The grind never stops for kids wanting to improve their skills on the hardwood. Jaylen Johnson is making sure future Pioneers and Lady Pioneers can work on their game as the holidays approach.
Johnson, who has made a name for himself while training kids at Bernard Gym, will hold a training event for boys and girls Friday night at Bobby Ray. Elementary kids will work from 4-5 p.m., followed by middle school athletes from 5-6 p.m. Johnson will work with high school players from 6-7:30 p.m. Along with his personalized training, Johnson plans to have many college players who work with him in Smyrna in town to help the local youngsters.
“We’ve been working with kids since October and it’s been growing and growing,” said Johnson about the interest level locally for individual training. “Our main thing is we’re very skill based. We’ll base it off the kid’s current skill level and go from there. You have to see what they can do and then work to grow it. We’ll have drills during the workouts and some competitions too.”
Johnson has made it a point to swing back to McMinnville, where he was raised and attended school until fifth grade. He spent one more semester in Warren County in seventh grade, but the majority of his athletic career was spent in Smyrna, where he excelled in his playing days before developing into a reputable trainer of many college athletes.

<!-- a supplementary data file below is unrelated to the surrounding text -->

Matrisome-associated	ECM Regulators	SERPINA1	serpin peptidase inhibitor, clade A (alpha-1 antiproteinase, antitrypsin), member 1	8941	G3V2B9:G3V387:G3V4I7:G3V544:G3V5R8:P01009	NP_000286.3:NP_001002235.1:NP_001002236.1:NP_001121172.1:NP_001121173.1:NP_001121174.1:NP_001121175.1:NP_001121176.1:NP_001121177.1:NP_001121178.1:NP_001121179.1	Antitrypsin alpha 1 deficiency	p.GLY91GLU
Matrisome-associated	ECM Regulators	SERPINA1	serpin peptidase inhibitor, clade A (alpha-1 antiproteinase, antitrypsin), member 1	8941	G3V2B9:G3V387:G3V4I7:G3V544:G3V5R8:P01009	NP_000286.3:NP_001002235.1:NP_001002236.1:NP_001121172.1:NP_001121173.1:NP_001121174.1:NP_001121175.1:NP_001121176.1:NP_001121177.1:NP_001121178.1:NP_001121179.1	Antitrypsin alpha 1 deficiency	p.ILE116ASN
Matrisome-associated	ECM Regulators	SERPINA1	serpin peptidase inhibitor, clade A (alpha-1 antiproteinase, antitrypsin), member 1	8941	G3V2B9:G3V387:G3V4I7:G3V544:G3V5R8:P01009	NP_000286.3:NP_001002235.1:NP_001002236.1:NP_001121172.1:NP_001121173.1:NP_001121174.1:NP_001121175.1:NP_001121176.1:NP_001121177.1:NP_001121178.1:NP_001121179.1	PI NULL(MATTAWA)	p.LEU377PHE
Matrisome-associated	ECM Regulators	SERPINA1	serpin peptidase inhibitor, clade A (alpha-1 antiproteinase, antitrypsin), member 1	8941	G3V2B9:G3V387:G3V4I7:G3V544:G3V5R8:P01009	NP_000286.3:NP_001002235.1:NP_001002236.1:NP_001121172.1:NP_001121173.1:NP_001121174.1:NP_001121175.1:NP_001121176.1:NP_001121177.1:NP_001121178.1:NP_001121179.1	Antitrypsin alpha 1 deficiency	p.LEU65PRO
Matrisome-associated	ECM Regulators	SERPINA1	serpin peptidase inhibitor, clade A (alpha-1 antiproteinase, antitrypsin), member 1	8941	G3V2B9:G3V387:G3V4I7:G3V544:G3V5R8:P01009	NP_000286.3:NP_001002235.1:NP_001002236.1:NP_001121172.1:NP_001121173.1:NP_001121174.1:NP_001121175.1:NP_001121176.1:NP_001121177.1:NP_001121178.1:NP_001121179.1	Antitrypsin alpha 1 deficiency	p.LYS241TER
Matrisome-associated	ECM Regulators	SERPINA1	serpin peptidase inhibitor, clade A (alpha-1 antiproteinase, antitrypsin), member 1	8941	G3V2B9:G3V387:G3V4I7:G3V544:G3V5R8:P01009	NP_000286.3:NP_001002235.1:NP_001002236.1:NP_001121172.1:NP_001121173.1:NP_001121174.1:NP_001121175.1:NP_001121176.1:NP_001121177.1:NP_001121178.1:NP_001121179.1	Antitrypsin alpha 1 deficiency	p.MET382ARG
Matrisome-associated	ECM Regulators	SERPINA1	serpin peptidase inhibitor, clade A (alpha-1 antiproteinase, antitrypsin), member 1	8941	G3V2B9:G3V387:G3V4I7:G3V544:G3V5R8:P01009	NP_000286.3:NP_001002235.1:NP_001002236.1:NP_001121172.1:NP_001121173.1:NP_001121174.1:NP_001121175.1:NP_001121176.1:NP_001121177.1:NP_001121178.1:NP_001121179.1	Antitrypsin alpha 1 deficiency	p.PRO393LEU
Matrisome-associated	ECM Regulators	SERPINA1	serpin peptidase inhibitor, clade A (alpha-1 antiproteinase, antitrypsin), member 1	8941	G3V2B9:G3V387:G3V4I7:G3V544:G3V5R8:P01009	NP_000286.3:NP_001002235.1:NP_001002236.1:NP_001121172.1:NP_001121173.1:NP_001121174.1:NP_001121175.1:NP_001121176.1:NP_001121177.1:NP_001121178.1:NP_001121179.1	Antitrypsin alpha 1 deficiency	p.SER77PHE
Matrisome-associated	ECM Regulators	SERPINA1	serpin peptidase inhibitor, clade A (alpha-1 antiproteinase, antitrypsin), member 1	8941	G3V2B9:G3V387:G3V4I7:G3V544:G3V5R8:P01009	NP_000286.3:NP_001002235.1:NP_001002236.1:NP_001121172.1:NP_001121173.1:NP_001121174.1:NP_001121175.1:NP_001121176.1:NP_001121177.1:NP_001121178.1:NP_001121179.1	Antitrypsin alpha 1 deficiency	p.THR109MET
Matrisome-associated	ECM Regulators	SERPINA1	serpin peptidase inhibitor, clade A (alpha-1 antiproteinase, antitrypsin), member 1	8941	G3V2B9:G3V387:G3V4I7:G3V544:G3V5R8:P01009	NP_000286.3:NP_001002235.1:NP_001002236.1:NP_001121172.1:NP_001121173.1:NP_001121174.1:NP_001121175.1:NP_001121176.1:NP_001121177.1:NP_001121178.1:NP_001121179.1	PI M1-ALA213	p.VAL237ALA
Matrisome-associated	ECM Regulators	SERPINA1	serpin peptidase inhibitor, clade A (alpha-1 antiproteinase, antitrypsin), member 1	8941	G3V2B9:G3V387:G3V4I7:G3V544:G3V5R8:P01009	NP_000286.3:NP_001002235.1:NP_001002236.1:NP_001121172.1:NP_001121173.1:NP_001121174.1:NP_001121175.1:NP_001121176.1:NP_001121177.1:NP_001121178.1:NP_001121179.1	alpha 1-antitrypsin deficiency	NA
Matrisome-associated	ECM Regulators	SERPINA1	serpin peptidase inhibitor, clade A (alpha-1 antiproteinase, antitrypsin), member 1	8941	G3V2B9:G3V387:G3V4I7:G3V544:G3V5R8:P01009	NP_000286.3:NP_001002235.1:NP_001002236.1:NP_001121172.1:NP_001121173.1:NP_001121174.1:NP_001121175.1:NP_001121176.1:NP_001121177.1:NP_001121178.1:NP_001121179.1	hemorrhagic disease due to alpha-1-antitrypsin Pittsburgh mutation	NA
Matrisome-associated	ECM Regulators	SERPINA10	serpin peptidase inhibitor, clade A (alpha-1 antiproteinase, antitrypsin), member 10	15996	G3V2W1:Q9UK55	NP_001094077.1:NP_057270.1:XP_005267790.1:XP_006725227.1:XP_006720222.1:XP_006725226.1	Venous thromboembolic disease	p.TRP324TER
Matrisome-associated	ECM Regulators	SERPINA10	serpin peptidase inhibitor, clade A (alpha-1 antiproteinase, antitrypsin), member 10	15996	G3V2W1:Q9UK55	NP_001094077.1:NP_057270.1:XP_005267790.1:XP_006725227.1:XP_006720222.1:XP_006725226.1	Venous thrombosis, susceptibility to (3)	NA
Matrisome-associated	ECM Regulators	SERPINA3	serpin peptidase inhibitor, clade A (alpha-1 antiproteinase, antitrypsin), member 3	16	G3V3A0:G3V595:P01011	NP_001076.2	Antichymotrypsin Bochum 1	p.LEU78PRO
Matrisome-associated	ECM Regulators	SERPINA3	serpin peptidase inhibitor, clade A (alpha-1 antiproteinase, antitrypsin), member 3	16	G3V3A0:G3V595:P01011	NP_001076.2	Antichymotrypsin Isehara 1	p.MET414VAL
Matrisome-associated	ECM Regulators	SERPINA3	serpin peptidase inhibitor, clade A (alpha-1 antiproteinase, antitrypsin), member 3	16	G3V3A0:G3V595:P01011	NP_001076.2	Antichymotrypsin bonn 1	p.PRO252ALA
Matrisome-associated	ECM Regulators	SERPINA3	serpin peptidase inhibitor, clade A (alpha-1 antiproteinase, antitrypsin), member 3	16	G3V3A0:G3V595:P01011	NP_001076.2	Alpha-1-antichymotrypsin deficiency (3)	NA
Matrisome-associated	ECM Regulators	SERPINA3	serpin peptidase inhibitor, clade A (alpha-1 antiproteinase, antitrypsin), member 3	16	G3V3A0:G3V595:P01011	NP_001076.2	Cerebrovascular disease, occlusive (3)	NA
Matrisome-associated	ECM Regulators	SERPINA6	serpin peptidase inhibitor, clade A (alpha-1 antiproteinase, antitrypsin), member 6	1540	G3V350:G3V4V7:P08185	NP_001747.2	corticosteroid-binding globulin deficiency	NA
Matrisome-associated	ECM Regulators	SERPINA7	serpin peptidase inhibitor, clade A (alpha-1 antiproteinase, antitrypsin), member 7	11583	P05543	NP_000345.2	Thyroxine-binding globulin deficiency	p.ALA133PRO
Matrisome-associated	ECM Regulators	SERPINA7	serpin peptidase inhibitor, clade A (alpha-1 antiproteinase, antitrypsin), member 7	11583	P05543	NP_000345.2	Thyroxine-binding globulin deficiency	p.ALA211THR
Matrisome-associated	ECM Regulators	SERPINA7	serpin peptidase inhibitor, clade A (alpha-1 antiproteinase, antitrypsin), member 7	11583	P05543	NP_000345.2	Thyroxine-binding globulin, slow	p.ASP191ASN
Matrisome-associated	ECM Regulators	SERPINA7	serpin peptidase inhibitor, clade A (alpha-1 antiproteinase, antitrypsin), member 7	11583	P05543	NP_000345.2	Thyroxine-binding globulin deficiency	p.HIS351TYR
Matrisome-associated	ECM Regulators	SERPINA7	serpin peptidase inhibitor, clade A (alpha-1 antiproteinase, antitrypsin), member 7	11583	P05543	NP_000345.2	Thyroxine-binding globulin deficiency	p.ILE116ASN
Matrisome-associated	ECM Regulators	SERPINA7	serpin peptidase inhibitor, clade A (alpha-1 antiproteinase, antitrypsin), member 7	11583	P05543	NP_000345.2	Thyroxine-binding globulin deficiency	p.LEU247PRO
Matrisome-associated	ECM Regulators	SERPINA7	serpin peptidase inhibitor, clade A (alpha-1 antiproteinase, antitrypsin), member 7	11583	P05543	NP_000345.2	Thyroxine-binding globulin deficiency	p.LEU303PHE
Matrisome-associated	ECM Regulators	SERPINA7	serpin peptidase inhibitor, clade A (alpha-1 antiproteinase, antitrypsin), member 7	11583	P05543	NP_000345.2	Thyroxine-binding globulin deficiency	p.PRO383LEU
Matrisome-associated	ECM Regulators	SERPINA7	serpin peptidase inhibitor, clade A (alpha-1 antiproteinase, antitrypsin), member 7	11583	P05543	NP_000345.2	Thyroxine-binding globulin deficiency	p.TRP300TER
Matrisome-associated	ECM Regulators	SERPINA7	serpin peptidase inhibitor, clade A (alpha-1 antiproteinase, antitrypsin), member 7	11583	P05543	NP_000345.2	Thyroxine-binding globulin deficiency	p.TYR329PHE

He’s hopeful that having many of his pupils who play at the next level can help benefit local kids, particularly those in middle school and high school who have an eye at making the jump to college ball in the coming years.
“I think it’s big for the kids to get a feel for what it takes to get to that level. It’ll be good for them to train with them and compete against them. Our D1 and D2 guys will definitely be in action when the high school kids are training, so everybody can get a look at what they’re doing as well,” said Johnson, who encouraged the younger kids and their families to stay and watch the last session of training.
Johnson doesn’t plan of taking his foot off the gas during the majority of the training sessions. He’s also a big believer in basing his work off a competition, where kids get an early feel of testing their growing skills against each other and mimic situations and battles they’ll see on the court this winter.
“Crossing up a cone isn’t like crossing up a person – I’m big on game speed. It’s going to be high intensity,” said Johnson. “Training is good and working on your skill is great, but playing in games gives you the knowledge of the situations. If our numbers allow, we’ll have some game-like situations, plus some other competitions and maybe some King of the Court.”
Johnson noted that some of his biggest groups so far have been with middle school girls, who will also get the opportunity to train and compete with the college athletes. Johnson is hopeful many high school kids will also make their way to Bobby Ray Thursday to gain some knowledge and pick the brains of current college hoopers.
For more information on Johnson’s training event - including age groups and pricing - or to work on booking individual lessons, contact him at (615) 926-9495.